Late in the afternoon, the predicted wind finally kicked in about 12 hours late and we then powered our way across the Channel, sailing past the Needles Lighthouse at the Western End of the Isle of Wight about 10.00 pm as the dark descended. We were fortunate to catch the tide up the Solent and sailed into our berth in Hamble about 1 am on Sunday morning. Exhausting, but worth it. Even as I write this Batfish is being lifted and repaired.
Sailing, like markets, is subject to shocks.
Plans have to change as the circumstances alter. We adapted, make hard decisions (like when to sail, to get the yacht home to be repaired by people we know, and weighing up the weather risks), and we had to keep revising these plans. This morning, a gale warning for later today has just be issued by the UK Met Office. Just as well we didn’t wait!
Back to markets
While I now know far more about how yacht engines work than I did before, there are a large number of on-going market themes I need to explore through August before the new financing season kicks off in September! Markets are all about pricing demand vs supply and accounting for risk. All these inputs are unclear at present – and the biggest risk of all is policy mistakes by the authorities, which could be political, geopolitical or monetary. (How much blander a statement could I make?)
- Inflation and growth – Central banks remain in hike mode to address inflation. Politicians don’t like it. Comments critical of Central Banks failing to cope with the exogenous shocks that triggered the current inflation crisis, or bankers saying we are close to the natural interest rate, are all part of the fug obscuring the real issues: how does the global economy adjust to the new reality? Solve the following: supply chains, geopolitics, energy costs, growth and climate change.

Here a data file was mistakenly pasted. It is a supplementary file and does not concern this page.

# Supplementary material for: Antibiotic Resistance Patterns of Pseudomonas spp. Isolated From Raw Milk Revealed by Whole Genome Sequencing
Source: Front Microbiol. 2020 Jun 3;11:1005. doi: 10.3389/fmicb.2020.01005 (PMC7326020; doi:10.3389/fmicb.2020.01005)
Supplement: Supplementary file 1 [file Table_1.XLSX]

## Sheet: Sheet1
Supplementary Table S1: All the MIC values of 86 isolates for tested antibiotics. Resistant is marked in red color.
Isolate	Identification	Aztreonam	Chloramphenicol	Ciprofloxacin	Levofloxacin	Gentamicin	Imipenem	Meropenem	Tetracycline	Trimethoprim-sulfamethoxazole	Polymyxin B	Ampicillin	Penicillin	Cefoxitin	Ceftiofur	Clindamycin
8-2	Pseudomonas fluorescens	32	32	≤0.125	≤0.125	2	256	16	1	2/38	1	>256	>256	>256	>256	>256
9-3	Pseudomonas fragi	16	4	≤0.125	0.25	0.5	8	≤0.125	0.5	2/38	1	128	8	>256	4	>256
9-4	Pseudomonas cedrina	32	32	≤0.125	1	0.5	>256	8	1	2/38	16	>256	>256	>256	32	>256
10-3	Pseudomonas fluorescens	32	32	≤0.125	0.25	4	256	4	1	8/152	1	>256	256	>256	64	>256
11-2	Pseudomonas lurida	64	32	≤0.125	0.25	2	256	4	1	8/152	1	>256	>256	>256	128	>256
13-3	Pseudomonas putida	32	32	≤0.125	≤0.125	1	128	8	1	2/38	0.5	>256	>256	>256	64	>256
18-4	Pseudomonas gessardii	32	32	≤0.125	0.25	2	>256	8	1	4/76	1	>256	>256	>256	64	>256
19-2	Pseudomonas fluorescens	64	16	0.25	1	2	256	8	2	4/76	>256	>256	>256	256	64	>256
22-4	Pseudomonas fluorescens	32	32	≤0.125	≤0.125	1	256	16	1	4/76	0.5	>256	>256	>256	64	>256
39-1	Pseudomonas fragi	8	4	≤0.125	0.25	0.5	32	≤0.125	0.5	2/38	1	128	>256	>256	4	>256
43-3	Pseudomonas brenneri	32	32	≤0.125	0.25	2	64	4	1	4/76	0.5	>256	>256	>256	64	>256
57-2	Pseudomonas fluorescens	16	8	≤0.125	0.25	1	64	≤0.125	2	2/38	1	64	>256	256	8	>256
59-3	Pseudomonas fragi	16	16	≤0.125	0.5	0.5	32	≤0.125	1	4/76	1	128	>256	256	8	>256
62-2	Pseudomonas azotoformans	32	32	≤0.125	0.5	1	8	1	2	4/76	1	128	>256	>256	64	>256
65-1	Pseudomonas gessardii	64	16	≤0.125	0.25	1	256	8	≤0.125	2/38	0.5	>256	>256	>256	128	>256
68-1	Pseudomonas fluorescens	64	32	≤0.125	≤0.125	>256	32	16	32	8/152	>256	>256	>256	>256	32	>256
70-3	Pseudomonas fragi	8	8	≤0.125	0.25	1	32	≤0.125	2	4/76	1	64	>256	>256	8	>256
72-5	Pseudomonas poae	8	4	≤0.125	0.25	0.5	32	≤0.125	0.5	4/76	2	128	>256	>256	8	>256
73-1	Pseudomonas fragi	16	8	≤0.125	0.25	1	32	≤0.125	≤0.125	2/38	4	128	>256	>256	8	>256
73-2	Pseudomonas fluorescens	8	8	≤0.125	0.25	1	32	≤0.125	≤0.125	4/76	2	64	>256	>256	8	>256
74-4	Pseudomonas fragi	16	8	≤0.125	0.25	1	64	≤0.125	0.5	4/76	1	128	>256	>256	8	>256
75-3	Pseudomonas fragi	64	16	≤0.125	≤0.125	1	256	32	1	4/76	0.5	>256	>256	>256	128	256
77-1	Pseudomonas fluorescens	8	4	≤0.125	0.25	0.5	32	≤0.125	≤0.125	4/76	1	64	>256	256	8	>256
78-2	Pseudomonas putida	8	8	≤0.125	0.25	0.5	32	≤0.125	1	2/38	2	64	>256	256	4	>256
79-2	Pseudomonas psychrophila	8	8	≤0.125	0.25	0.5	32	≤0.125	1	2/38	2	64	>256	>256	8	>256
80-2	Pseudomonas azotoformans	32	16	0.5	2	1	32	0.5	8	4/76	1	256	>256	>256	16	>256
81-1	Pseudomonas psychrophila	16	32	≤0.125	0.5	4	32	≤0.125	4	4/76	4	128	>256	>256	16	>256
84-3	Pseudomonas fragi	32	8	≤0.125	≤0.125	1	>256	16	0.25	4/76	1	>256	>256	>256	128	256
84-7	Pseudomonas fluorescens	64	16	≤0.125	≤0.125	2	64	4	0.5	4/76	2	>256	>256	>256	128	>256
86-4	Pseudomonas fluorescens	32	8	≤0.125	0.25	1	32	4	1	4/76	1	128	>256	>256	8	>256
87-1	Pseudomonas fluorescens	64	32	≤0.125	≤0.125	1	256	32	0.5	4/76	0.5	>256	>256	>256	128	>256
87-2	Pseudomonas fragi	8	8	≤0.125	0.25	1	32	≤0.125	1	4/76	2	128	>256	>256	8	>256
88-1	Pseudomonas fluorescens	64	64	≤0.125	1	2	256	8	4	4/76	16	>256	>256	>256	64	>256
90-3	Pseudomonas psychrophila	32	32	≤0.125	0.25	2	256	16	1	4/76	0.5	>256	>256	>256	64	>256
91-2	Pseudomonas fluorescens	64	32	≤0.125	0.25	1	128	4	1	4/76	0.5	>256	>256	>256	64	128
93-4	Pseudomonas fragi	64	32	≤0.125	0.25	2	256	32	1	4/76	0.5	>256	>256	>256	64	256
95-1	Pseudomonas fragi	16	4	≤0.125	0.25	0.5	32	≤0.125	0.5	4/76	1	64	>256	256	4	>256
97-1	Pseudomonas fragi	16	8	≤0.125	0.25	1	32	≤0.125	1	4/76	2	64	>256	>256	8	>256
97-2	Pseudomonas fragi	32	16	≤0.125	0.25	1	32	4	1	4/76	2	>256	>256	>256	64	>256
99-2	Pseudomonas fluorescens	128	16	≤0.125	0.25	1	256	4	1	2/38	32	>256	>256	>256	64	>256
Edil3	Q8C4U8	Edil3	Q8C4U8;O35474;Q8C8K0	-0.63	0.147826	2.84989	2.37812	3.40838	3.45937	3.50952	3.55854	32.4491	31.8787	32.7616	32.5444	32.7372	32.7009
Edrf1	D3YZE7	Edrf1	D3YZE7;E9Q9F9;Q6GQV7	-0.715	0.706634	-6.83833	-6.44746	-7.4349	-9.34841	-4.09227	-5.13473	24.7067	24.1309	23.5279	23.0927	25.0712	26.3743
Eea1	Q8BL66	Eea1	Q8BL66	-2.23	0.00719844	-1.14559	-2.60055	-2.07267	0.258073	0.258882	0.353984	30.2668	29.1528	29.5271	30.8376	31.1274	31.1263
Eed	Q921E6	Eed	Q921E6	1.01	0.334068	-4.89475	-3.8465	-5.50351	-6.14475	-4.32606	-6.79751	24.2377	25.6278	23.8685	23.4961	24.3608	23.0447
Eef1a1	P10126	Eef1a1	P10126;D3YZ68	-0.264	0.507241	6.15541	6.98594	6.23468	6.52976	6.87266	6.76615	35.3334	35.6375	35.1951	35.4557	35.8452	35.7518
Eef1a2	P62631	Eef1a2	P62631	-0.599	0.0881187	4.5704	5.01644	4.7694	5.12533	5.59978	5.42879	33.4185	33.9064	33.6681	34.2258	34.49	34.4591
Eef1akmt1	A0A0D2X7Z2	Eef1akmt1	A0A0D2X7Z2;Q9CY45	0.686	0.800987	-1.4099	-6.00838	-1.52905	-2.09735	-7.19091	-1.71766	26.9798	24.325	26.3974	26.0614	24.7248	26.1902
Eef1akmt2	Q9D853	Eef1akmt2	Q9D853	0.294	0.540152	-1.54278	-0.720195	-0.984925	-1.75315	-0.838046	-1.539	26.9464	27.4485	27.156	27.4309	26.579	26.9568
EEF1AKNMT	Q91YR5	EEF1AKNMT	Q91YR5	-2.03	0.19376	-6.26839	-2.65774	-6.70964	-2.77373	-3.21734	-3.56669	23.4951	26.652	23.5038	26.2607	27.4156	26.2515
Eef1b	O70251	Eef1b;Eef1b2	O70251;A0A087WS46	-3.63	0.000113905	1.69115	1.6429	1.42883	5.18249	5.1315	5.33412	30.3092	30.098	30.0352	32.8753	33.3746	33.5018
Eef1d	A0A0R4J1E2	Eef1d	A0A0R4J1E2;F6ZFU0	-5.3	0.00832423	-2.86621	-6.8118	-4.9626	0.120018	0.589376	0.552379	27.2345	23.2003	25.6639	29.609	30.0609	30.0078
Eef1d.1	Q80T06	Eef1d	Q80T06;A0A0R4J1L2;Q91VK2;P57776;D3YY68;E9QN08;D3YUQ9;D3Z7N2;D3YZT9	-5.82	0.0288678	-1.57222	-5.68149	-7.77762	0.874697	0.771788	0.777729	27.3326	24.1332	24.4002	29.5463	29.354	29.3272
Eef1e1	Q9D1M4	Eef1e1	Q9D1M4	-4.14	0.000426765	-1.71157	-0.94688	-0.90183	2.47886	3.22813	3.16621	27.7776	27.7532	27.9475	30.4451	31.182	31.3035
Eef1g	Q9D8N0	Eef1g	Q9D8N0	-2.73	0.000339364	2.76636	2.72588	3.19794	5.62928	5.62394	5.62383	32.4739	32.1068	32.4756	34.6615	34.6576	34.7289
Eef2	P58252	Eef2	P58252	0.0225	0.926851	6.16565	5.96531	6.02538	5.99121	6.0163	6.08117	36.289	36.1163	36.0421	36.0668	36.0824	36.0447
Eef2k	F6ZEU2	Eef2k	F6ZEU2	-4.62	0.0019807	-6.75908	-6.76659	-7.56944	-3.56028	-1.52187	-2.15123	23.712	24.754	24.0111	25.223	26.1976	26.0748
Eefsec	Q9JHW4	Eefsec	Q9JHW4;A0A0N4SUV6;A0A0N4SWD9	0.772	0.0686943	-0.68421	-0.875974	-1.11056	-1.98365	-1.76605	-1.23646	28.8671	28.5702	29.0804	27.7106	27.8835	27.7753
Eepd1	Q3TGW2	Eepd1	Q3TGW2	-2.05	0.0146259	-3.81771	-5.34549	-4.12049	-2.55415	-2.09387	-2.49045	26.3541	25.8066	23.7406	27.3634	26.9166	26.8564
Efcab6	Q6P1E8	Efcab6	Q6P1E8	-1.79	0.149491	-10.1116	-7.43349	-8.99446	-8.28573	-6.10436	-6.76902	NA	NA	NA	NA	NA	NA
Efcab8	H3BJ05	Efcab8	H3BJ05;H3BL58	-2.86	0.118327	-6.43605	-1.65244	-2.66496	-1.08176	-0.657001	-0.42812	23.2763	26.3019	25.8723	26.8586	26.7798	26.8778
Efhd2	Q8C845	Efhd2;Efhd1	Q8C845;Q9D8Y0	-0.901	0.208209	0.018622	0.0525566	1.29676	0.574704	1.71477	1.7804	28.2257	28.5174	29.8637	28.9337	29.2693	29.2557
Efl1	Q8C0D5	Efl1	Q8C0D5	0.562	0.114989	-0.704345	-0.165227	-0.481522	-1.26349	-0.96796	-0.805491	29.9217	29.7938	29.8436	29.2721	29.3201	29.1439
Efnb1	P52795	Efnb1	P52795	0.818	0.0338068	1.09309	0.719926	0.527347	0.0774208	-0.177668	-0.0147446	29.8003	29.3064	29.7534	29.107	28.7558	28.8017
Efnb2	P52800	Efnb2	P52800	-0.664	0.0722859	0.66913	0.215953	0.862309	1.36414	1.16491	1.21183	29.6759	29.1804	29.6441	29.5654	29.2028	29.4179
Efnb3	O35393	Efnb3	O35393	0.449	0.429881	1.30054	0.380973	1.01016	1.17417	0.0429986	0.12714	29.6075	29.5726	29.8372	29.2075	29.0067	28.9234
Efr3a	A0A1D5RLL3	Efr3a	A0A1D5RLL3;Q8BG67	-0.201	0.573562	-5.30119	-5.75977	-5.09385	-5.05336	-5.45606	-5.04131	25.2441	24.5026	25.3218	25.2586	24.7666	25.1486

- The Euro – currency weakness, recessionary risks, energy crisis, Russia and kompromat, and political stability weigh heavy on the Eurozone, and have attracted much comment about the inevitability of a new destructive European sovereign crisis. Trying to coordinate the incomplete monetary union of Europe has always been an exercise in containing chaotic crisis, but don’t write off Europe or the Euro yet.
- UK – Sunak vs Truss. Two contenders promising to undo the mistakes they made in government just weeks ago. UK politics has become a distraction from the very real economic crisis facing UK consumers and industry, the need to re-invent national bureaucracies (from the NHS, education, tax, housing, security, transport, infrastructure, regional policy and defence) away from London. Truss looks the likely winner – can she address the rot? I increasingly find myself sympathetic to Scottish Independence.
- US – Everyone still loves the dollar, and why not!
- Stocks – whatever we think about inflation and market valuations its clear there is still enormous potential still out there. Folk are going to keep buying mobile phones, watch TV and consume. July was a good month for stocks, but don’t be fooled. The mood has changed – speculation is out, consolidation is in. In times of easy money speculation works – now it doesn’t. In market terms it means buy companies with solid dull, boring, predictable income streams. Let Cathie Wood of ARK worry about her speculative tech moon-shot valuations – which are failing to reach orbital escape velocity!
- Bonds – I’m getting keener on the bond markets – figuring a lightbulb moment is coming re “real” inflation vs valuations. Will write about this later.
Full porridge service will resume tomorrow! Today, I’m playing catch up.
Strategist – Shard Capital, London